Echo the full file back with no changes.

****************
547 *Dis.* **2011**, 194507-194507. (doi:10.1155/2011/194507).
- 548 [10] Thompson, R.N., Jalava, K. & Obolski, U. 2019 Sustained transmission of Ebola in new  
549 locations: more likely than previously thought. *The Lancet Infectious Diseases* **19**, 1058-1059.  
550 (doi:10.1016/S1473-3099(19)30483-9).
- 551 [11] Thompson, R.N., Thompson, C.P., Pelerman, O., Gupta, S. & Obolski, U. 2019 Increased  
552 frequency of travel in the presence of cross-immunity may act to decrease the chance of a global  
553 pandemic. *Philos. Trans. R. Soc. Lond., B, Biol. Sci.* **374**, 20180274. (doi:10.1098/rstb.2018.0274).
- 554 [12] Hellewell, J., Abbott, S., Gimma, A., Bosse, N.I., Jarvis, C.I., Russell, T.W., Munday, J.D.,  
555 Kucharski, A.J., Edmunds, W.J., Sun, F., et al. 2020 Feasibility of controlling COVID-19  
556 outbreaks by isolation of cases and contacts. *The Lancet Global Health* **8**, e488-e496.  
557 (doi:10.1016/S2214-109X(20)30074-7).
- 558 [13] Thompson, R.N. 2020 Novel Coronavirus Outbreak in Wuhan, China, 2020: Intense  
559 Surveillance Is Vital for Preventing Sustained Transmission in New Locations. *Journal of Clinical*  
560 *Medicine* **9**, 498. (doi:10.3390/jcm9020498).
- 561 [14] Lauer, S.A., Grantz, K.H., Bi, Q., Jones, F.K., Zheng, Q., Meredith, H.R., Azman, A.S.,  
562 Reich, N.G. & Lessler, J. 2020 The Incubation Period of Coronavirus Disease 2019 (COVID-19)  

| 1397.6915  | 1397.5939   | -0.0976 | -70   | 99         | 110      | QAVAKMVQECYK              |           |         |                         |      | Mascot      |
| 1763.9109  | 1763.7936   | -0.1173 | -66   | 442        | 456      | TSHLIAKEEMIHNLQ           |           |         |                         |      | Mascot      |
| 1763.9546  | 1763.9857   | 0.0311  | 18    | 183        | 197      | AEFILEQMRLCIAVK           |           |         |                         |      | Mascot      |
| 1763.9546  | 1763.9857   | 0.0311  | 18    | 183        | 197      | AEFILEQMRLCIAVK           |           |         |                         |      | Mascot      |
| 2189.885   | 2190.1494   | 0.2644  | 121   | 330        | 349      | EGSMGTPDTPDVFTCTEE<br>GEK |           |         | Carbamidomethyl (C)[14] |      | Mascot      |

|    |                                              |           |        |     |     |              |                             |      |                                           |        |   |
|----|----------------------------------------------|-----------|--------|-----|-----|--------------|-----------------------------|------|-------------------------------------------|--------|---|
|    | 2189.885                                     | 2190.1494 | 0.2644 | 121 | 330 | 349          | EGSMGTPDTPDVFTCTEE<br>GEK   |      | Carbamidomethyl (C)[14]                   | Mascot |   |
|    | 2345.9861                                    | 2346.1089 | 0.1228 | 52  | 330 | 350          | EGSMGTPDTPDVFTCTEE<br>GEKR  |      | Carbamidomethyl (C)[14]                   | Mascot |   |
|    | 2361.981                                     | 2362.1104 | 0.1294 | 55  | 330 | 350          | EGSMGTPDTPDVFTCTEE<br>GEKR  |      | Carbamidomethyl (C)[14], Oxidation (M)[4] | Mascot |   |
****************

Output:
547 *Dis.* **2011**, 194507-194507. (doi:10.1155/2011/194507).
- 548 [10] Thompson, R.N., Jalava, K. & Obolski, U. 2019 Sustained transmission of Ebola in new  
549 locations: more likely than previously thought. *The Lancet Infectious Diseases* **19**, 1058-1059.  
550 (doi:10.1016/S1473-3099(19)30483-9).
- 551 [11] Thompson, R.N., Thompson, C.P., Pelerman, O., Gupta, S. & Obolski, U. 2019 Increased  
552 frequency of travel in the presence of cross-immunity may act to decrease the chance of a global  
553 pandemic. *Philos. Trans. R. Soc. Lond., B, Biol. Sci.* **374**, 20180274. (doi:10.1098/rstb.2018.0274).
- 554 [12] Hellewell, J., Abbott, S., Gimma, A., Bosse, N.I., Jarvis, C.I., Russell, T.W., Munday, J.D.,  
555 Kucharski, A.J., Edmunds, W.J., Sun, F., et al. 2020 Feasibility of controlling COVID-19  
556 outbreaks by isolation of cases and contacts. *The Lancet Global Health* **8**, e488-e496.  
557 (doi:10.1016/S2214-109X(20)30074-7).
- 558 [13] Thompson, R.N. 2020 Novel Coronavirus Outbreak in Wuhan, China, 2020: Intense  
559 Surveillance Is Vital for Preventing Sustained Transmission in New Locations. *Journal of Clinical*  
560 *Medicine* **9**, 498. (doi:10.3390/jcm9020498).
- 561 [14] Lauer, S.A., Grantz, K.H., Bi, Q., Jones, F.K., Zheng, Q., Meredith, H.R., Azman, A.S.,  
562 Reich, N.G. & Lessler, J. 2020 The Incubation Period of Coronavirus Disease 2019 (COVID-19)  

| 1397.6915  | 1397.5939   | -0.0976 | -70   | 99         | 110      | QAVAKMVQECYK              |           |         |                         |      | Mascot      |
| 1763.9109  | 1763.7936   | -0.1173 | -66   | 442        | 456      | TSHLIAKEEMIHNLQ           |           |         |                         |      | Mascot      |
| 1763.9546  | 1763.9857   | 0.0311  | 18    | 183        | 197      | AEFILEQMRLCIAVK           |           |         |                         |      | Mascot      |
| 1763.9546  | 1763.9857   | 0.0311  | 18    | 183        | 197      | AEFILEQMRLCIAVK           |           |         |                         |      | Mascot      |
| 2189.885   | 2190.1494   | 0.2644  | 121   | 330        | 349      | EGSMGTPDTPDVFTCTEE<br>GEK |           |         | Carbamidomethyl (C)[14] |      | Mascot      |

|    |                                              |           |        |     |     |              |                             |      |                                           |        |   |
|----|----------------------------------------------|-----------|--------|-----|-----|--------------|-----------------------------|------|-------------------------------------------|--------|---|
|    | 2189.885                                     | 2190.1494 | 0.2644 | 121 | 330 | 349          | EGSMGTPDTPDVFTCTEE<br>GEK   |      | Carbamidomethyl (C)[14]                   | Mascot |   |
|    | 2345.9861                                    | 2346.1089 | 0.1228 | 52  | 330 | 350          | EGSMGTPDTPDVFTCTEE<br>GEKR  |      | Carbamidomethyl (C)[14]                   | Mascot |   |
|    | 2361.981                                     | 2362.1104 | 0.1294 | 55  | 330 | 350          | EGSMGTPDTPDVFTCTEE<br>GEKR  |      | Carbamidomethyl (C)[14], Oxidation (M)[4] | Mascot |   |